Encapsulated Movie Reviews – Seven New Indie Titles (And One Short!)

Indies, indies, indies!  Banking on the theory that some good movies do indeed come in small packages, it’s time once again to dig into the lesser-known cinema scene in hopes of finding some gems amongst duds.  (Or at least a flick that entertains and inspires!)  Tales of missing kin, the history behind a classic flick, an angry man seeking a little payback, terror amidst trees, a day in the life of a sassy sports bar, an obsessed fan with dark habits and the violent effects of the falling housing market make up the films covered in this week’s edition of Encapsulated Movie Reviews.  (Plus there’s a savory short film review thrown in for good movie measure!)  Check out the critical skinny on Searching, The Coolest Guy Movie Ever, I Am Vengeance, What Keeps You Alive, Support The Girls, Dead Envy, Arizona and the short film Long Way Back Home below.

(Screen Gems)

Leave it to two former Google employees to write a script that utilizes many different forms of electronic communication as a means to tell their clever kidnapping thriller and actually pull it off.  Just the execution of such a tech heavy task could have been a movie gimmick nightmare, but instead here is handled with such savvy cinematic detail that the result actually adds another layer of excitement to an already thrilling thriller.  And with equally solid work on the acting front with the likes of John Cho as an obsessed father and Debra Messing as the agent assigned to the case Searching uses social media for on-screen suspense and scores.

(Virgil Films)

A cool look back at locations and scenes from The Great Escape, The Coolest Guy Movie Ever is essentially one big DVD extra.  Not unlike the work Sean Clark does via his series Horror’s Hallowed Grounds, this one dives headfirst into locations from the film as they exist now and for a film from 1963 it’s pretty impressive.  (They have to reach for a few, but give them some leeway!)  Plus you got some cool retro interviews with the likes of James Coburn, James Garner and stunt guys, tasty tidbits about the flick (motorcycle guru Steve McQueen was such a good rider he played the parts of opposing characters and thus chased himself!) and even narration by a cast member (the late Lawrence Montaigne who played Haynes!) that provide maximum melancholy memory lane escape that fans will definitely appreciate.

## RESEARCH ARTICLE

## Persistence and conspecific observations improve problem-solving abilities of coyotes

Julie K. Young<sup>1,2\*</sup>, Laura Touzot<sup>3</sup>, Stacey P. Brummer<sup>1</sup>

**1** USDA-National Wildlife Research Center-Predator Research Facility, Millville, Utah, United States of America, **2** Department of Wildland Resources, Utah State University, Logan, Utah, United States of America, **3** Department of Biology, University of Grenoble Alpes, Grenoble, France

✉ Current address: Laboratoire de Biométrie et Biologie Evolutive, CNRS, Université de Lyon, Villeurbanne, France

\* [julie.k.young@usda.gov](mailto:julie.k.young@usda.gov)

(Lionsgate/Saban Films)

Another revenge seeking piece of cinema about a rough and tumble soldier turned mercenary coming into a small town to avenge a friend and his family who have been murdered.  Fortunately the lead man with an angry plan and former WWE performer Stu Bennett has a real old school 70’s quiet tough guy quality that elevates the mediocre material and gives the flick far more dramatic depth than it deserves.  Sometimes in a ho-hum game it’s the players that make the game exciting – in I Am Vengeance it’s Bennett’s John Gold that brings the bold.

(IFC Midnight)

A fantastic initial premise (which I will not fully detail here!) involving a married lesbian couple celebrating their anniversary at a cabin in the woods – plenty of blood, broken bones and bravado ensue.  Sadly the problem within the framework of What Keeps You Alive lies in the films’ third act, which is inundated with so many long pauses (I can feel the writer throwing everything in for good measure!), improbable moments (no – don’t go back!) and highly unlikely outcomes (someone in the film actually saw the events unfolding like they do?!) that it almost kneecaps what does work – it’s inspired movie moments that keep this one alive.